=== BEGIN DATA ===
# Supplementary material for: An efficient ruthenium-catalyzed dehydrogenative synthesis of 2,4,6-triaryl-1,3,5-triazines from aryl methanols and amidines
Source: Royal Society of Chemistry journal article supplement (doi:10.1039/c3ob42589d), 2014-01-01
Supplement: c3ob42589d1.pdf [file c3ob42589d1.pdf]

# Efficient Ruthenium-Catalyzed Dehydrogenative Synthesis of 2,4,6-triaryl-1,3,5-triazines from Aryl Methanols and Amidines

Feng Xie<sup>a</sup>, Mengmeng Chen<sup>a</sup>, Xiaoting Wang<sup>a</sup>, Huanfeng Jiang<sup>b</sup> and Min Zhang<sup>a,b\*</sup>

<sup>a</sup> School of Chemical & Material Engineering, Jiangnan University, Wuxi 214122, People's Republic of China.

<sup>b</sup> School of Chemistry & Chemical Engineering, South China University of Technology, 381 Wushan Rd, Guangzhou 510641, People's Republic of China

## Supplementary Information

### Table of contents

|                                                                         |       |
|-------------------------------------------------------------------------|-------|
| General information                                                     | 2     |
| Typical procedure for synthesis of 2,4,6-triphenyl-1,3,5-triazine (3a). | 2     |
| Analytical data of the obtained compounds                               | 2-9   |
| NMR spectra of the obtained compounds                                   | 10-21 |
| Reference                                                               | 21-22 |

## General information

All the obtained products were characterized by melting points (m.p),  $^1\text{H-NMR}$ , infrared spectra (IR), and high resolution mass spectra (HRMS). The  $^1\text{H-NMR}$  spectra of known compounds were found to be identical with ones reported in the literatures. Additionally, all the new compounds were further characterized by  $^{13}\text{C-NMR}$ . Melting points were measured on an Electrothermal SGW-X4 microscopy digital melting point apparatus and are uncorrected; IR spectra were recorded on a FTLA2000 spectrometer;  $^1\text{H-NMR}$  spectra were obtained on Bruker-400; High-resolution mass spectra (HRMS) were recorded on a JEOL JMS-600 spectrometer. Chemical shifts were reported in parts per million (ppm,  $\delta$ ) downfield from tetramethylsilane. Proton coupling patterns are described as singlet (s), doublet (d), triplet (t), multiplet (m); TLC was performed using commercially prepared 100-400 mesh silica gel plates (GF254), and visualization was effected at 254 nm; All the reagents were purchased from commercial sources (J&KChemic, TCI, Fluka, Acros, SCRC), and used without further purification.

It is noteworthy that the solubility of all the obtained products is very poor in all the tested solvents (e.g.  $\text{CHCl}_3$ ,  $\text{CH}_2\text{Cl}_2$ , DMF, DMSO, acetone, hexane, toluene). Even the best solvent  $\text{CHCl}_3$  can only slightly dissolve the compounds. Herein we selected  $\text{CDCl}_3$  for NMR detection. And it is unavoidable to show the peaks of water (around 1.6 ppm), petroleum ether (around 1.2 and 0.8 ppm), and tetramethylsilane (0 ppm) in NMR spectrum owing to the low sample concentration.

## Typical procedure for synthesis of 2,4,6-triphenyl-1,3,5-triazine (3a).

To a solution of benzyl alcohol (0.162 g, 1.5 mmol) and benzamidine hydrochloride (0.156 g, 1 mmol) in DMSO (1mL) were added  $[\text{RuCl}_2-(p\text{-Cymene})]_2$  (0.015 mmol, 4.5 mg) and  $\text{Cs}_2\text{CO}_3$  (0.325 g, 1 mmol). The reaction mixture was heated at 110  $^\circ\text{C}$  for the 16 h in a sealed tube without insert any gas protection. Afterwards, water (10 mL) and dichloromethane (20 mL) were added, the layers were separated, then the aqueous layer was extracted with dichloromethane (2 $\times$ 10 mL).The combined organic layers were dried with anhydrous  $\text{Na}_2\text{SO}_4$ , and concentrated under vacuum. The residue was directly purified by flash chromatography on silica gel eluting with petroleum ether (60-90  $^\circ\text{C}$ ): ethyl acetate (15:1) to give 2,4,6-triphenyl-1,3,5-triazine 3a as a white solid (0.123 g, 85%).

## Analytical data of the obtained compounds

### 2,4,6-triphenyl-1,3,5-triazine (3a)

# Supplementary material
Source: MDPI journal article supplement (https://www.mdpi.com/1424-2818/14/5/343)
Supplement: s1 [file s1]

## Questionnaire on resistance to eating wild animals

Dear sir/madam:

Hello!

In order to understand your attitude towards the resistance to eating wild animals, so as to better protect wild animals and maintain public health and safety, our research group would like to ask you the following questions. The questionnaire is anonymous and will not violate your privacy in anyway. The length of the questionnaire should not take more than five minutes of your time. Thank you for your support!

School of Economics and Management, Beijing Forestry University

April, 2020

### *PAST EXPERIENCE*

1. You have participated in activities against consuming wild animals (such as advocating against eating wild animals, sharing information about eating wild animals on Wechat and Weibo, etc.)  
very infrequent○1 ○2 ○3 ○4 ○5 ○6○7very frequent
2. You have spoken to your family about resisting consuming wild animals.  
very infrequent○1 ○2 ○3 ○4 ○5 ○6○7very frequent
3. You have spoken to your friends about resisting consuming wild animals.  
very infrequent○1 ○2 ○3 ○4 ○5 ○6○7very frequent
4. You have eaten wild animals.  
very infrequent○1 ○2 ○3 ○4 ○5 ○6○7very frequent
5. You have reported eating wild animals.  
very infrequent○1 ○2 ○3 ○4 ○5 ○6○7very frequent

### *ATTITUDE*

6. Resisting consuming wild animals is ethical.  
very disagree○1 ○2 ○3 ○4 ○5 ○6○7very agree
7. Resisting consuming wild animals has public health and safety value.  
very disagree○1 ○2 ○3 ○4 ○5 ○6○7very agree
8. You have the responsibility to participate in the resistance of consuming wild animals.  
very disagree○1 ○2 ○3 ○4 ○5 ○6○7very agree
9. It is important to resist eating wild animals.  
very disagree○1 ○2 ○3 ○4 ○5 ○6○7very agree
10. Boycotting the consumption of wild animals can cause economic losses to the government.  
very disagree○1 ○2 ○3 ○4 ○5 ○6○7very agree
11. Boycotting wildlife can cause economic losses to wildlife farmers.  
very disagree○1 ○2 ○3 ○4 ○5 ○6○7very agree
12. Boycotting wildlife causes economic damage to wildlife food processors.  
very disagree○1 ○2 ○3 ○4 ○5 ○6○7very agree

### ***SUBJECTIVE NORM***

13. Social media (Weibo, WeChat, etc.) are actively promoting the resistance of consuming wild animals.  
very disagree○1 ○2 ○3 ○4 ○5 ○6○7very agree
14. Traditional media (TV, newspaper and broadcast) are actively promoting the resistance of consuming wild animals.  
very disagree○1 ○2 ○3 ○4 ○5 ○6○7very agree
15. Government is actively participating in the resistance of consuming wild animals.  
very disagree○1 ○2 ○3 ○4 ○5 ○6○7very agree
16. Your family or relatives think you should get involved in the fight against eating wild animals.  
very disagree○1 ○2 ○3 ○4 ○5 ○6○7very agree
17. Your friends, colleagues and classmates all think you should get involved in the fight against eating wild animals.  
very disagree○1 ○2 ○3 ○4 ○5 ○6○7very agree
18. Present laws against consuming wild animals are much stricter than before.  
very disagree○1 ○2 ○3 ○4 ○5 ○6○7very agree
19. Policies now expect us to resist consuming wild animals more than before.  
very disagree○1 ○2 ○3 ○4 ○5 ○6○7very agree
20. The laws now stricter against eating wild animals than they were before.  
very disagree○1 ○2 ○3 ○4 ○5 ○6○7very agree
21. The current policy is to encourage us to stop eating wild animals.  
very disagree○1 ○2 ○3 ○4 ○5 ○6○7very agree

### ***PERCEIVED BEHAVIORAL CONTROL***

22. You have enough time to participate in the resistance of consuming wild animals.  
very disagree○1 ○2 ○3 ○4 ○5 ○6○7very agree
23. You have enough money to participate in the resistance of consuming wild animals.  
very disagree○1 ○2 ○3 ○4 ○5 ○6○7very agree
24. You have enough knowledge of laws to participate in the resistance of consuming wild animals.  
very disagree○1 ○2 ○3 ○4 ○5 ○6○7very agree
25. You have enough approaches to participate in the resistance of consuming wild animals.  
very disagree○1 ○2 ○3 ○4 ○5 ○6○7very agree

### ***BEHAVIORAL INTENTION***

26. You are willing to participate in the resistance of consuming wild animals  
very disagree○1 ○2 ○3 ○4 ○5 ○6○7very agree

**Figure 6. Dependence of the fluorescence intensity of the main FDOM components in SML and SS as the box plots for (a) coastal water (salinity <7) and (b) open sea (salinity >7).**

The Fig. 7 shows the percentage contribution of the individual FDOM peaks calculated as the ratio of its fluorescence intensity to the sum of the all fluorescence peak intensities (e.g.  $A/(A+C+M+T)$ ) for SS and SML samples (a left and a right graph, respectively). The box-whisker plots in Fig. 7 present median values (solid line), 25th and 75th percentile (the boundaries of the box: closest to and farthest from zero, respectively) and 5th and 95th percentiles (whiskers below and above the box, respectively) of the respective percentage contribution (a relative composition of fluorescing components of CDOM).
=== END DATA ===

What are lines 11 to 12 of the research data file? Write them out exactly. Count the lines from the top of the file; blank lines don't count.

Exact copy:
|-------------------------------------------------------------------------|-------|
| General information                                                     | 2     |